The obverse of this technique is to have future people look back on our current ways of doing things. The instruments were made of wood and animal organs. In virtuality at least you get to interact! Even with television you at least have to use visual processing centers and parse real dialogue with your ears! Really, reading is so bad for you, it destroys your eyes and hurts your posture and makes you fat. Like all the cyberpunks, Sterling loves to write. He can become contagiously intoxicated with the sheer joy of fabulous description, as in this limning of a cyberspace landscape:.

Sterling is an energetic tinkerer, and he drops in nice little touches everywhere. A giant crab came picking its way along the ceiling of the train car. It was made of bone and chitin and peacock feathers and gut and piano wire. It had ten very long multijointed legs and little rubber-ball feet on hooked steel ankles. The wonder of science fiction is that, with a bit of care, you can paste together just about anything and it will walk and talk and make you smile. It was like smart clay. It reacted to her touch with unmistakable enthusiasm…indescribably active, like a poem becoming a jigsaw.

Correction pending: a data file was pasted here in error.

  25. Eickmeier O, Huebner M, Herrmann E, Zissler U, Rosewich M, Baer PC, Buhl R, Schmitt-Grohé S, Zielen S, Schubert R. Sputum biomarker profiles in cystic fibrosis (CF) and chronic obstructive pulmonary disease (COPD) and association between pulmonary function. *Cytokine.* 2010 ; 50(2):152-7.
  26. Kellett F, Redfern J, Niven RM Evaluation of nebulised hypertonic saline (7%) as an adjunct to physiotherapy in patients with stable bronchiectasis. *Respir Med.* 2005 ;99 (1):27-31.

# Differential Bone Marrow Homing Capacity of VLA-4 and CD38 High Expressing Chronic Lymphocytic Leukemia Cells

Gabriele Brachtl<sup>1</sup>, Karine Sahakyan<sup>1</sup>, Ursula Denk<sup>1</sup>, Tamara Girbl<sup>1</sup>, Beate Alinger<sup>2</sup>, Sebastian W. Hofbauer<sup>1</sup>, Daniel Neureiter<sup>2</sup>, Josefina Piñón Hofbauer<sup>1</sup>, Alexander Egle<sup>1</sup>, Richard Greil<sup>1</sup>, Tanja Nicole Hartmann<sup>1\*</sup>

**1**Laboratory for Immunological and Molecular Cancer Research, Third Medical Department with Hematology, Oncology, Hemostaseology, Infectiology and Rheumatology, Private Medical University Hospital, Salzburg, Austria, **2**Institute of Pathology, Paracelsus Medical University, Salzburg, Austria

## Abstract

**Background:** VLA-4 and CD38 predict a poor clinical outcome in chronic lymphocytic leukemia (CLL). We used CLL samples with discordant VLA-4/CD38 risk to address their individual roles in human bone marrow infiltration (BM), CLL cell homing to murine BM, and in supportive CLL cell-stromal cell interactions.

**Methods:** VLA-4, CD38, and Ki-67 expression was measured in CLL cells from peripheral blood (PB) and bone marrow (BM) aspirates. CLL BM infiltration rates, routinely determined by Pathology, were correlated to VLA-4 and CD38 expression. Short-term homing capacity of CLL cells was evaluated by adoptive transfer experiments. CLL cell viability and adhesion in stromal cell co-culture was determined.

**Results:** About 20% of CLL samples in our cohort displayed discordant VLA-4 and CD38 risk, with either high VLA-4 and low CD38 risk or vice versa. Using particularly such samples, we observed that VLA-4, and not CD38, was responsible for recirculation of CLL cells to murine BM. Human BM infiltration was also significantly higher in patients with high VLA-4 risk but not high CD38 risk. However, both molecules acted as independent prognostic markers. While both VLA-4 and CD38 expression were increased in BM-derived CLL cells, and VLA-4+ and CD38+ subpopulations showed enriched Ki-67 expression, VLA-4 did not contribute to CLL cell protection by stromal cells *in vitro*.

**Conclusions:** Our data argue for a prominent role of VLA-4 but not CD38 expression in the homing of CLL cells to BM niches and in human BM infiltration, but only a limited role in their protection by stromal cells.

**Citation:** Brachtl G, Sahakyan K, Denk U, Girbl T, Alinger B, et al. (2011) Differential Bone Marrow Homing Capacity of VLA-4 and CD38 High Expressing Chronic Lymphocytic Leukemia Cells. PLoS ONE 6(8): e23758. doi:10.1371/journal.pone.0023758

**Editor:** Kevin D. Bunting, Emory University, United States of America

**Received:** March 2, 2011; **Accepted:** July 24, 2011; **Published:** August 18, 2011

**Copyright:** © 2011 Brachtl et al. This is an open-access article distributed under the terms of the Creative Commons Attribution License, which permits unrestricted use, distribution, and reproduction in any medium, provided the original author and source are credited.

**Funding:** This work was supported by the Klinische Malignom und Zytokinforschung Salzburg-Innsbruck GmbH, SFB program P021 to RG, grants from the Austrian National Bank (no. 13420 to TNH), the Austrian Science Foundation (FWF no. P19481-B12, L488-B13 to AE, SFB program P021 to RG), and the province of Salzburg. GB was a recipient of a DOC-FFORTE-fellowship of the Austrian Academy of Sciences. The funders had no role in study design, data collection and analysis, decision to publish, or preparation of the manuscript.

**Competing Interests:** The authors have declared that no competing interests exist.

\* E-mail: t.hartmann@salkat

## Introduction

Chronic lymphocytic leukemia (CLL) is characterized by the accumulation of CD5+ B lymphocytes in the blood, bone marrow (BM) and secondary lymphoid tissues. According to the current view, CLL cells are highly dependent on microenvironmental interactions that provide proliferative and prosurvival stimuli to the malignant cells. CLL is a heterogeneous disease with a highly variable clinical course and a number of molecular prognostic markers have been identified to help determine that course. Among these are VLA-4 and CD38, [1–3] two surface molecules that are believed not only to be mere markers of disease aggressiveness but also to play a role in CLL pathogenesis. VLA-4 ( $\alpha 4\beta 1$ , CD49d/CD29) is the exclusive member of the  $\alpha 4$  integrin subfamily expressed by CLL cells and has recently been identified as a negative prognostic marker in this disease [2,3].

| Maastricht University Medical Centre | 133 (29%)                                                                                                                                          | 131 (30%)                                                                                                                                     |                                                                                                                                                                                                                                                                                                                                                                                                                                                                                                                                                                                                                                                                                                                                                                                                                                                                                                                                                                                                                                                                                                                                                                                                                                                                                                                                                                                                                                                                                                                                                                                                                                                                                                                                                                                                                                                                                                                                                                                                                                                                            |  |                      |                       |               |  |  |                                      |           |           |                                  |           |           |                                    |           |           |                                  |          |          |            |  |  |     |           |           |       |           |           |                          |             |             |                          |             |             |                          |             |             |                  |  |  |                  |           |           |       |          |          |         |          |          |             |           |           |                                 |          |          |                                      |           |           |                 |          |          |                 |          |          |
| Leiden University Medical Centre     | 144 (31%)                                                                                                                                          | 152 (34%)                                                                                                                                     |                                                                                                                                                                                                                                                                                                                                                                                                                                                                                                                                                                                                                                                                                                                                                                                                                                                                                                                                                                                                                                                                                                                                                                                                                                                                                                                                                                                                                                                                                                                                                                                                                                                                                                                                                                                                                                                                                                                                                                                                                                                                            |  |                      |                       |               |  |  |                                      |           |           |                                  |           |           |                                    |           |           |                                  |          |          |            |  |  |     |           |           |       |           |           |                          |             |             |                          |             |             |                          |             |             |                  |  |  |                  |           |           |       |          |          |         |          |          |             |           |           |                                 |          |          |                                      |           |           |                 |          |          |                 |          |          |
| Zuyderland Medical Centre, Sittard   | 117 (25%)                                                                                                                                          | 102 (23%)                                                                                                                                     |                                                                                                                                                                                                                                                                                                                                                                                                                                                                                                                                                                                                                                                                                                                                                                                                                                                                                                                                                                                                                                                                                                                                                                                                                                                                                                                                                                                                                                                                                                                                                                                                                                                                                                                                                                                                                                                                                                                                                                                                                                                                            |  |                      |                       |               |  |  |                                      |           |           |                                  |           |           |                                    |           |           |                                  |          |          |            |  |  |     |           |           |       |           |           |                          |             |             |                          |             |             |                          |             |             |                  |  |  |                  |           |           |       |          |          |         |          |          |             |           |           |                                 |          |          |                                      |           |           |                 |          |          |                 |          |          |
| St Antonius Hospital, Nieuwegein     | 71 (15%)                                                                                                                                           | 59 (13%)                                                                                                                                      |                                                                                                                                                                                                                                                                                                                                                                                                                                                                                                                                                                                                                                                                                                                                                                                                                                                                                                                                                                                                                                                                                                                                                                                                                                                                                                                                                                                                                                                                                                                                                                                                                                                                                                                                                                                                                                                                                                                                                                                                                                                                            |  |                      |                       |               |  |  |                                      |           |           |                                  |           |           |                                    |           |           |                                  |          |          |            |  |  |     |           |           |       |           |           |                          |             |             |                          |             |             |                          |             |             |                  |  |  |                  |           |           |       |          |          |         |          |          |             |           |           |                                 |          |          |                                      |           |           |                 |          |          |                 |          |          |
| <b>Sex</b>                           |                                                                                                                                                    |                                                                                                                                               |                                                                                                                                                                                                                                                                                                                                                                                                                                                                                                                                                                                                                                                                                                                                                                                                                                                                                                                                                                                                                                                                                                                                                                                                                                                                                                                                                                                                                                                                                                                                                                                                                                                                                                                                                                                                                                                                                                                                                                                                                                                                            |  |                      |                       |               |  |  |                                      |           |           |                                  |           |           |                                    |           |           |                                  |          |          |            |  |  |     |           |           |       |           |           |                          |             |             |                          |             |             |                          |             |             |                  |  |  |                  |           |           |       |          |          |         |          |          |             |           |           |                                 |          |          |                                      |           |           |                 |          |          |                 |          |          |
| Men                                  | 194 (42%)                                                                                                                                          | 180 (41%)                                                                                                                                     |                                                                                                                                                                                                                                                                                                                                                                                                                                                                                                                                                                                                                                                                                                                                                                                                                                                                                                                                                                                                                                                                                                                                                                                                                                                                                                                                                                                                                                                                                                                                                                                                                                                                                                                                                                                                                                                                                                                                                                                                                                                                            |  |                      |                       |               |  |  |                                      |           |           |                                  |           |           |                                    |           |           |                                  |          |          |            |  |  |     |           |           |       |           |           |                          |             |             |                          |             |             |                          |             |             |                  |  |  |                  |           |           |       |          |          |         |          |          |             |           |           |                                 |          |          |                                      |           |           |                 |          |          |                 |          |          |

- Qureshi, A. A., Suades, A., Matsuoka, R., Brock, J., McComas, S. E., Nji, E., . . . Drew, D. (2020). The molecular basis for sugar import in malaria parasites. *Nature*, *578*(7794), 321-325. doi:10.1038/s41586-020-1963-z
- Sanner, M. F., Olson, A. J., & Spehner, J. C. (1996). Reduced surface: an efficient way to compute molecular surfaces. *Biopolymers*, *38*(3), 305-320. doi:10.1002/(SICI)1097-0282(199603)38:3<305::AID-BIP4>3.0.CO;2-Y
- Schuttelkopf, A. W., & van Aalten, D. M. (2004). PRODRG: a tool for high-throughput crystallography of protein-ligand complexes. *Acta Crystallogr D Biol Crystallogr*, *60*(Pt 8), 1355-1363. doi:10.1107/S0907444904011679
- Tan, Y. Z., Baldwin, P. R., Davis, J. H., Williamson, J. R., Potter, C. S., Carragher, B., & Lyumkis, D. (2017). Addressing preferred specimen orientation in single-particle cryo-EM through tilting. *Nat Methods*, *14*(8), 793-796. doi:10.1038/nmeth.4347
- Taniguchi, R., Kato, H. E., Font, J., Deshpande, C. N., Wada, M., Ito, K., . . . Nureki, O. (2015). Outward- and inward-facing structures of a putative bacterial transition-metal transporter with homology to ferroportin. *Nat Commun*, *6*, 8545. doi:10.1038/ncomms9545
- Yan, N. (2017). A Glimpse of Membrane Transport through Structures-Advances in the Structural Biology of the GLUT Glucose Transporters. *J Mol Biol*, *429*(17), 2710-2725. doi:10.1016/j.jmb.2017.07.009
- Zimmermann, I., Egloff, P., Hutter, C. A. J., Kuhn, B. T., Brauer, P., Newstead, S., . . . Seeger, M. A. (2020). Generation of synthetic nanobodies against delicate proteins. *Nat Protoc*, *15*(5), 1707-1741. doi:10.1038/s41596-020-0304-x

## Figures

The stuff was boiling over with machine intelligence. Somehow more alive than flesh; it grew beneath her questing fingers like a Bach sonata. Matter made virtual. Real dreams. So, okay, those were the three new cyberpunk novels of What are some of the things they have in common other than the use of cyberspace? One of the main cyberpunk themes is the fusion of humans and machines, and you can certainly find that here.

In Idoru a man wants to marry a computer program, in Holy Fire machine-medicine essentially gives people new bodies. There is less of the machine in Silicon Embrace , though there is that remote-controlled guy with the chip in his head. Cyberpunk usually takes a close look at the media; this is an SF tradition that goes pack to Frederic Pohl and Norman Spinrad. Holy Fire goes pretty light on the media, but in Idoru , the main villain is the media as exemplified by an outfit called Slitscan.